Q. How did you learn to cook?
A. I learned to cook by travelling around and eating a lot. I come from a hospitality family and my parents always owned bars, restaurants and hotels. I grew up going on field trips with them, and when I took over one of the family businesses, I decided I didn’t just want to run it, I wanted to cook in it.
When we started travelling, I started popping into kitchens and talking to the chefs to learn more about cooking. Then I would go back and work on my own recipes. The Parkers is my fifth business. I opened three successfully in Africa – the first one when I was 23 years old.
I did it alone in the beginning because I was told by my family that if I wanted to do anything that was a different type of cooking, that was not classic French or anything like that, then I’d have to do it by myself. That was when I met my business partner Kathy Smith, and we decided to open a place together.
She runs the front-of-house side and the admin, and I run the kitchens. It has been a very successful partnership. We’ve worked together for 25 years now. I would say that Kathy is the grounded, mature mind of the business. She’s the one that goes “you can’t do that, it’s not right”. She’s the sane voice of the business and I’m the mad maverick.
A. We had a restaurant in Clitheroe before coming to the Parkers Arms – we still own the property. My daughter had to go to boarding school but I didn’t want her to board, and the school she was going to was not far from Clitheroe. Kathy and her general-manager brother AJ Nolan are originally from Lancashire and I really didn’t want to move anywhere where we didn’t have good connections.
Then we spotted Clitheroe, and it was such a nice, buzzy town, and that’s when we got the first place. But we had a lot of problems with the local council. Before buying the property, we had talked to them and discussed how we would work the property and they had agreed they would allow us planning permission to do what we wanted.
But once we’d bought the property we applied two or three times, lost quite a lot of money and they just would not give. They kept saying it was a conservation area. So it slowed us down. And it had a very small number of covers, so it wasn’t going to be worthwhile if we couldn’t expand. That’s why we started looking and we happened upon the Parkers Arms in Newton-in-Bowland.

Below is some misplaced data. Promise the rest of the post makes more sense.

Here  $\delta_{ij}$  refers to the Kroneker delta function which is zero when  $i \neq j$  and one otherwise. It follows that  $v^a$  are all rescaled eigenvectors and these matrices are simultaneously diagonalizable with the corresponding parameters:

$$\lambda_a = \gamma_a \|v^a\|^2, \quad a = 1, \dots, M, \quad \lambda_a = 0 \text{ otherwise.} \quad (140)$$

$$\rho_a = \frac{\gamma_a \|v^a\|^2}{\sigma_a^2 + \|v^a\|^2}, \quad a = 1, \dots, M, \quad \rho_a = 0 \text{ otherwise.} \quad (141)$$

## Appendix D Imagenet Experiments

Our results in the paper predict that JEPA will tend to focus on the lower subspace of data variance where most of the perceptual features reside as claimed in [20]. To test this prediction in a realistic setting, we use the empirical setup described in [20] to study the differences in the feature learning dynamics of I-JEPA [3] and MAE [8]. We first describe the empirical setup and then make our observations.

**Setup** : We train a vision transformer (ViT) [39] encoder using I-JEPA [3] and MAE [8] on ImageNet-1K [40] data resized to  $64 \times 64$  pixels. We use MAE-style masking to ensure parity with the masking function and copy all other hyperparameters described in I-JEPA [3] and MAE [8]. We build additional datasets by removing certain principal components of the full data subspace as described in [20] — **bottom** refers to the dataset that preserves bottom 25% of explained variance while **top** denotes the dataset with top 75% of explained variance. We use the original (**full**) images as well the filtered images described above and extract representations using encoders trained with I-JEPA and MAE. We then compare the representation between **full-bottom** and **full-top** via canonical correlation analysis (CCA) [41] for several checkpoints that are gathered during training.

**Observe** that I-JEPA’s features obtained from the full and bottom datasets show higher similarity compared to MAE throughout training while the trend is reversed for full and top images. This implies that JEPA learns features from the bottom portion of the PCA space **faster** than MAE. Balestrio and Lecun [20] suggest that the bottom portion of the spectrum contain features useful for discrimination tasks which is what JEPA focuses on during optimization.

Q. What were your first thoughts when you saw the pub?
A. It was like the Mary Celeste – the people who had it before had done a runner. Everything had been left as if it was set, ready to go again. Cutlery, napkins, goblets, the fridges and freezers were full of ready meals and ordered in food. It was scary and eerie. But because I’d been working in Clitheroe I already had a great base of local suppliers and I thought, this is even better than Clitheroe because it is right amid our producers.
It had the right number of covers, a stupendous view, I fell in love with it. The fact that the area we were in was so rich, produce-wise, it just made me think of what we could do. With the Parkers, we could take what we were doing one step further – not only would we be working with local farmers, but we would be very close to the farms.
It’s so close to nature. Around us is a natural larder, you can go out and get things when you need them. The foraging was a big part as well. It’s something we really like to do and it gives you a good quality of life, if you can be at one with nature and put it on the plate.
Lancashire-based Top 50 Gastropubs:
- No. 4: - The Freemansons at Wiswell, Wiswell, Clitheroe